In the latest chapter of the Target vs. Wal-Mart story, Target’s most recent earnings report far exceeded analyst expectations while Wal-Mart’s most recent earnings report left much to be desired.
While Target is growing average transaction sizes and increasing store traffic, Wal-Mart seems to be struggling under the weight of its controversial wage increases, theft and issues with its pharmacy business.
Why such a disparity between the two?
One reason for Target’s recent strength in the face of Wal-Mart’s struggles is that Target has a secret weapon. Indeed, Target forged a partnership just a few short months ago that will pay dividends for both Target and its new partner for years to come.
Target’s secret weapon, you may have guessed, is its new partnership with CVS Health (NYSE: CVS).
Target and CVS announced in mid June that Target would sell its entire pharmacy division to CVS, which will rebrand the roughly 1,660 Target pharmacies as CVS pharmacies and then operate them within Target’s stores. CVS is also rebranding roughly 80 Target clinics as CVS-owned MinuteClinics.
The move makes a lot of sense for CVS, which generates a large portion of its revenue from the processing of pharmacy transactions, a function performed by its Caremark pharmacy benefits management division.
Meanwhile, Target raised $1.9 billion in cash through the deal and gets the added benefit of exiting the marginally profitable pharmacy business to focus on more profitable areas. Since CVS operates its own pharmacy benefits management business, it can operate the same pharmacies significantly more profitably.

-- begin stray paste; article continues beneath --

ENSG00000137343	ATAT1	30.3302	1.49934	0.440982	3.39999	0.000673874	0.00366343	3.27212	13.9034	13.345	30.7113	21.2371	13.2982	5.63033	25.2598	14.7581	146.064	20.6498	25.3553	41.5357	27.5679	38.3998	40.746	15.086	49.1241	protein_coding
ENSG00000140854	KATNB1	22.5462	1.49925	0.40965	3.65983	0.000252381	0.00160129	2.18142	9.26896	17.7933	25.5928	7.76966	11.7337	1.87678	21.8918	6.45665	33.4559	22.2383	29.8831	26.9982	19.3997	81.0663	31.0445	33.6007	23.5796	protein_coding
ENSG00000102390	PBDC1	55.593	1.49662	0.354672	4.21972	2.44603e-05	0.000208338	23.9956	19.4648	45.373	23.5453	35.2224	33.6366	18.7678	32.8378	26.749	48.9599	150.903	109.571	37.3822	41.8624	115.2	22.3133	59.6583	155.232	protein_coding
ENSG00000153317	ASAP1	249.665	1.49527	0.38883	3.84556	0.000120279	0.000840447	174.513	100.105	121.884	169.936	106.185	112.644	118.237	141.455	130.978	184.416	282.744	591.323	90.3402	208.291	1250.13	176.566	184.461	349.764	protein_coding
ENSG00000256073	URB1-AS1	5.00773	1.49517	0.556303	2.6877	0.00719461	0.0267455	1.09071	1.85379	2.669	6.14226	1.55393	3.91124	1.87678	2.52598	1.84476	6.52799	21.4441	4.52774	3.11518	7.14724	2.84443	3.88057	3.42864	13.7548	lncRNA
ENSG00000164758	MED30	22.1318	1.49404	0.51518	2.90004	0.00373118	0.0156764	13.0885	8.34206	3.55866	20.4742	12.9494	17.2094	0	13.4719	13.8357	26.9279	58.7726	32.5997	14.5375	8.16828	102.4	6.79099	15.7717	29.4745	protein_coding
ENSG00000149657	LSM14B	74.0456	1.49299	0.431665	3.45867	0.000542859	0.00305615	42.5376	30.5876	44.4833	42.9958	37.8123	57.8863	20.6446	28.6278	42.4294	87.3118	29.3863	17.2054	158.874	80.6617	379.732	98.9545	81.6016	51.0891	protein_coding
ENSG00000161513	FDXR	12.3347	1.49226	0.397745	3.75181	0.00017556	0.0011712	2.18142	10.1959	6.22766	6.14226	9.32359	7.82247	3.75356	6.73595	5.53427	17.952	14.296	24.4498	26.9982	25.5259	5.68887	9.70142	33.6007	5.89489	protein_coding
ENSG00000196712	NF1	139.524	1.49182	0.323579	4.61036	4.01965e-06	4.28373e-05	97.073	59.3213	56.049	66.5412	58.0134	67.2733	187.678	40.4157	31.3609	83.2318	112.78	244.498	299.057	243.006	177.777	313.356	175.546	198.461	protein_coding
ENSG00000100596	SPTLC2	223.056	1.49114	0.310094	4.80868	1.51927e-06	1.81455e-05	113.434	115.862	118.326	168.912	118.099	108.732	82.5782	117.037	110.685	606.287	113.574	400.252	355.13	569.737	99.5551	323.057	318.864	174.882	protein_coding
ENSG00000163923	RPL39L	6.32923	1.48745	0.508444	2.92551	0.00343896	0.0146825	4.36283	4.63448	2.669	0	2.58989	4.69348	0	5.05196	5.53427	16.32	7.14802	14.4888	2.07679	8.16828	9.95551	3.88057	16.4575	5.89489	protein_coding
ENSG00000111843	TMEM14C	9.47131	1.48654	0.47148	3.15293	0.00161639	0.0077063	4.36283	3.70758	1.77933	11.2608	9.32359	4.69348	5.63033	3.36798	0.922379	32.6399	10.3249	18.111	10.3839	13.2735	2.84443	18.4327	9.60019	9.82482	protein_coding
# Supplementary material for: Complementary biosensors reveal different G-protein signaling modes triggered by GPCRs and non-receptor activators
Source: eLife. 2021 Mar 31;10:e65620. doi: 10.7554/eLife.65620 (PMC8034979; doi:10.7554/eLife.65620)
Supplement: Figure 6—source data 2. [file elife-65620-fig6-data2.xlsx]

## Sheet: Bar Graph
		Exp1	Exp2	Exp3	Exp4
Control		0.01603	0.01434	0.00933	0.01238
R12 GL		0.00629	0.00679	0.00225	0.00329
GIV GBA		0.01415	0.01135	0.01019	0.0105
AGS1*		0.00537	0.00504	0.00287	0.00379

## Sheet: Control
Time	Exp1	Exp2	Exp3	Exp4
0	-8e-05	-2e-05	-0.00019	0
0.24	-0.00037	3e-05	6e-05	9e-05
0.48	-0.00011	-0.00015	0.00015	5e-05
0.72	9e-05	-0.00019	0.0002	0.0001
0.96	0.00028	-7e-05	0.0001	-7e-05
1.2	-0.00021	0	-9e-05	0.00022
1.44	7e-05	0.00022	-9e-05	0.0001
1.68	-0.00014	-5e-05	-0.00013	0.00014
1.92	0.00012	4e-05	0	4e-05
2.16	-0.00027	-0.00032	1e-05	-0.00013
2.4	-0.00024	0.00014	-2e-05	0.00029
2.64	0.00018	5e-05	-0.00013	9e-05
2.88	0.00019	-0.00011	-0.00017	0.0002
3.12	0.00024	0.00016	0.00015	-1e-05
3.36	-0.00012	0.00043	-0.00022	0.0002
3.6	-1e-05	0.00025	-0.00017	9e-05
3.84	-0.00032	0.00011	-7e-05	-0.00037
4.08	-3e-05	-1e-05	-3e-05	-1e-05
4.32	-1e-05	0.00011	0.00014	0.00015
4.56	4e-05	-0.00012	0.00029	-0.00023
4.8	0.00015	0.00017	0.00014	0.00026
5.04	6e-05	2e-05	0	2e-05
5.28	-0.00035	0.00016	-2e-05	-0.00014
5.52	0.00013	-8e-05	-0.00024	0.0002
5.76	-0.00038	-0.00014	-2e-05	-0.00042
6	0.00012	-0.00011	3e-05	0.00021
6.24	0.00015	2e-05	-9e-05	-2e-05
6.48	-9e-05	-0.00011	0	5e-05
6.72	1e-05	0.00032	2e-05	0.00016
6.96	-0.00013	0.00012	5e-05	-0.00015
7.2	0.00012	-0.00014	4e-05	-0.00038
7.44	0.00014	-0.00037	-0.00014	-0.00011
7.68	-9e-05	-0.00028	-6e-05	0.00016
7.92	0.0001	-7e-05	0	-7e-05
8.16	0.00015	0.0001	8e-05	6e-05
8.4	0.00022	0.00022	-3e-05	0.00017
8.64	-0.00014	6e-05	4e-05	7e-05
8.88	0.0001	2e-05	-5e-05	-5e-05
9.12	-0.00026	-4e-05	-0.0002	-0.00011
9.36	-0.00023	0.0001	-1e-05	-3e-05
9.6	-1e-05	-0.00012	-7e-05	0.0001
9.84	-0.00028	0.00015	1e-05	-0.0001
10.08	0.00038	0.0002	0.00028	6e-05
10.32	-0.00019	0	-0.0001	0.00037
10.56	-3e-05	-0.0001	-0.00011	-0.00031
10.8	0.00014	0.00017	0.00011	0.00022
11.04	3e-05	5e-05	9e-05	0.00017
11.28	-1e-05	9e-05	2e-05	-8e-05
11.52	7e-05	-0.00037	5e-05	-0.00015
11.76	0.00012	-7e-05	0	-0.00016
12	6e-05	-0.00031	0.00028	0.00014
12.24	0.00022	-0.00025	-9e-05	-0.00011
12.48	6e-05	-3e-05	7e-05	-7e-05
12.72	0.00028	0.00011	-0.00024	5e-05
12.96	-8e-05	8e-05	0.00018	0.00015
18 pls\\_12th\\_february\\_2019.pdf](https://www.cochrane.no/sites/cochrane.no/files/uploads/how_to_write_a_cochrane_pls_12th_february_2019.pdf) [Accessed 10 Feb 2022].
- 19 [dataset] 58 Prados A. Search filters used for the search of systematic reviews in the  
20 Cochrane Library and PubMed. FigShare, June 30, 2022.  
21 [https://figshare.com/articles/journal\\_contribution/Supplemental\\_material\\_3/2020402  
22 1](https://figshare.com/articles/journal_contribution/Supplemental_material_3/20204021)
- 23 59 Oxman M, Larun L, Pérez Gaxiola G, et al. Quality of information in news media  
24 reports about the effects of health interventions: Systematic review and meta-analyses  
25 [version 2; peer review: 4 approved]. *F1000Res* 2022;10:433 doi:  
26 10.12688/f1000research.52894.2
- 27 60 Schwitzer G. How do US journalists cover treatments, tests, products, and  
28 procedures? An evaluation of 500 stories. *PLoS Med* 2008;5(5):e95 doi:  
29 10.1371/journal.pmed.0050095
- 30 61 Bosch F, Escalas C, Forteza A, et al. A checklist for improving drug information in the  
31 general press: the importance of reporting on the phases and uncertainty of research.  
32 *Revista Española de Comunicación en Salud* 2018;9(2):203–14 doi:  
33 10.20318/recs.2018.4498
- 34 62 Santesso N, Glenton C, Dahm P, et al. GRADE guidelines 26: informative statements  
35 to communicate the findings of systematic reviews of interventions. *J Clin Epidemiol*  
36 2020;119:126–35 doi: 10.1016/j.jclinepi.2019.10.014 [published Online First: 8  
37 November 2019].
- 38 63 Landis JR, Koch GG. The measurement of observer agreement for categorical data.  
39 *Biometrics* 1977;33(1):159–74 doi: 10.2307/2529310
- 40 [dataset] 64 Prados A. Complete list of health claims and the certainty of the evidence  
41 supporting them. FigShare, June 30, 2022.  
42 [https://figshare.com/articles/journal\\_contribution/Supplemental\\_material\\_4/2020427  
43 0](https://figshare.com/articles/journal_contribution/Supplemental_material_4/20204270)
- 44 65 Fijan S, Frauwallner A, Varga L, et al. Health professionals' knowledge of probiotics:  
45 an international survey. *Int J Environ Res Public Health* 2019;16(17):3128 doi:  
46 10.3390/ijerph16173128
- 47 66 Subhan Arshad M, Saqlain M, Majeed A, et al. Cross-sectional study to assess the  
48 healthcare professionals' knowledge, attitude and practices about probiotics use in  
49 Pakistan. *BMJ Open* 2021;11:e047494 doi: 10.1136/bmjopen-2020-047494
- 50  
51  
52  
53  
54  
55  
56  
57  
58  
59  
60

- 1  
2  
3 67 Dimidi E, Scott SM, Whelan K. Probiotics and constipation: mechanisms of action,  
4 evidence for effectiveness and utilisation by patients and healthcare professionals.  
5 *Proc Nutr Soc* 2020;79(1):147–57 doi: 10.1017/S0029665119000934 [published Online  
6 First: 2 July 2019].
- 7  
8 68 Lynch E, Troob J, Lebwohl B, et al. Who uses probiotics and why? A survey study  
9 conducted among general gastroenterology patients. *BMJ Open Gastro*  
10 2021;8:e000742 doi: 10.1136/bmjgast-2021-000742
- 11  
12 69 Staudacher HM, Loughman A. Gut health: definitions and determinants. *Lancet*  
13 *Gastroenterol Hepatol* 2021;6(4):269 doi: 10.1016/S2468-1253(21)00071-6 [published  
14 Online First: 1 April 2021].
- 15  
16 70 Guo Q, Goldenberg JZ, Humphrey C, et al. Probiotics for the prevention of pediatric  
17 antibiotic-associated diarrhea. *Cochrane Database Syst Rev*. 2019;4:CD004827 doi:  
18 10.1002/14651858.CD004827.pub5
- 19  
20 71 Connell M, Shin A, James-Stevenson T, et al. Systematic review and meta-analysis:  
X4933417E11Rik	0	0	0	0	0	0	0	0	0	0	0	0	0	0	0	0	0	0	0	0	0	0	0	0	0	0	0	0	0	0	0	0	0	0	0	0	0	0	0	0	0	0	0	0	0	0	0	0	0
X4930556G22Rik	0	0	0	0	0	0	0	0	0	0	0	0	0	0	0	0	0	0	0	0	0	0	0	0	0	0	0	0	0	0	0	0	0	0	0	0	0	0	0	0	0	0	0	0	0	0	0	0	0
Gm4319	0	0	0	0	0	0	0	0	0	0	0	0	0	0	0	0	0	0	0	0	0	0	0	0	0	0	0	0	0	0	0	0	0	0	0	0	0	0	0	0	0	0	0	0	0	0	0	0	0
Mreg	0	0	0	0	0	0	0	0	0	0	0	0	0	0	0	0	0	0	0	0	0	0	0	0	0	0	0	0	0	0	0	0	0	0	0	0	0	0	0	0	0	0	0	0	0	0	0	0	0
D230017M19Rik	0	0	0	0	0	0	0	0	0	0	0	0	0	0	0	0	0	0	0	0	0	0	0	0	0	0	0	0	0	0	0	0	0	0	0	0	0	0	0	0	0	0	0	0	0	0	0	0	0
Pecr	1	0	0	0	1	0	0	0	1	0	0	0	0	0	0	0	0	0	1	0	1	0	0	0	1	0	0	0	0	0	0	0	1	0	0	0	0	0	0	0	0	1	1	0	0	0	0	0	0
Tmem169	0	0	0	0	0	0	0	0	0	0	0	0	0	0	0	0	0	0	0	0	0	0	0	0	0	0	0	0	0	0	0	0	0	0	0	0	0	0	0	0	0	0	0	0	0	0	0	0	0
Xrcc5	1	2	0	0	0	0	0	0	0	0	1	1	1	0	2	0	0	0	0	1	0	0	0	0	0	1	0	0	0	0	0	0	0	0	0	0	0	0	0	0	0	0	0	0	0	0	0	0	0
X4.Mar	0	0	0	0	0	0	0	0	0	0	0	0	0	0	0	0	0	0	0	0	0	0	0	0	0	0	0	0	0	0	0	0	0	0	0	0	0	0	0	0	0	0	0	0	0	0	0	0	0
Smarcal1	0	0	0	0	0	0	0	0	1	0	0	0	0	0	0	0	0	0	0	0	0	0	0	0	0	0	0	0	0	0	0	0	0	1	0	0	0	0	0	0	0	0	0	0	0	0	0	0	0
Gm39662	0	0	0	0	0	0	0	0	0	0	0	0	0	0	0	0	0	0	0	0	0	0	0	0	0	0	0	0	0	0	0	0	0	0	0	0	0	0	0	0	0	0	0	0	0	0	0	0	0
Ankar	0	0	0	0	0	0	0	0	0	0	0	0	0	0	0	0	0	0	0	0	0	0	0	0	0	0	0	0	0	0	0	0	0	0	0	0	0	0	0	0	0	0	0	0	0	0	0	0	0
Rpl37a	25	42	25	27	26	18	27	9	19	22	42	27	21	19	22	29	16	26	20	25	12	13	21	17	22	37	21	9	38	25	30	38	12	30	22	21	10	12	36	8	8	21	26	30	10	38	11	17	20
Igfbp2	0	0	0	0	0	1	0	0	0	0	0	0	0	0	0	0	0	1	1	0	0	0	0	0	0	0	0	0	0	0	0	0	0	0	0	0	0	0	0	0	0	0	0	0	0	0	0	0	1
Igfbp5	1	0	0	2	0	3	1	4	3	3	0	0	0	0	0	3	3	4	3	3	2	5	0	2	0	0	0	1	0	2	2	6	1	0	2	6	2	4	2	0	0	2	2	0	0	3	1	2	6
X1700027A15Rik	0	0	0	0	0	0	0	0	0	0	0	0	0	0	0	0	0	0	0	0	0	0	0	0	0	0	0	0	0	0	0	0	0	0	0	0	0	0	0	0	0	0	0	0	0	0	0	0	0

The deal is truly a win-win.
Fast forward two months to the middle of August.
Tale of Two Retailers
It was then that both Target and Wal-Mart released their latest quarterly earnings, reports that told two very different stories. Wal-Mart explained away its poor earnings performance by claiming that, among other causes, worse-than-expected pharmacy margins hampered its overall performance.
Meanwhile Target, free of the burden of its low-margin pharmacy business and $1.9 billion richer, can continue to focus on signature lines of higher-margin categories like apparel, where Target has had strong results.
The genius of the deal becomes even clearer when you consider how unique the partnership truly is.
Wal-Mart could not simply establish its own partnership with CVS. Now that Target’s roughly 1,660 pharmacies have put CVS in a commanding lead ahead of Walgreens Boots Alliance (NYSE: WAG) as the largest owner-operator of pharmacies in the country, the odds of antitrust regulators allowing such a deal between CVS and Wal-Mart are very low.
And I don’t expect Wal-Mart to forge a try forging a partnership with Walgreens anytime soon. Frankly, without operating its own pharmacy benefits management division like CVS does through its Caremark division, Walgreens simply can’t offer the same operational efficiency that CVS could.
It seems this deal was truly one of a kind, a win-win partnership that serves as Target’s secret weapon against Wal-Mart while at the same time increasing the flow of business to CVS’ pharmacy division and its pharmacy benefits management division.
Though I feel confident that Wal-Mart will find a way to thrive again, there’s no denying that this is a great time to own shares of Target and CVS Health.
DISCLOSURE: I personally own shares of Wal-Mart.
This article is brought to you courtesy of Jay Taylor from Wyatt Research.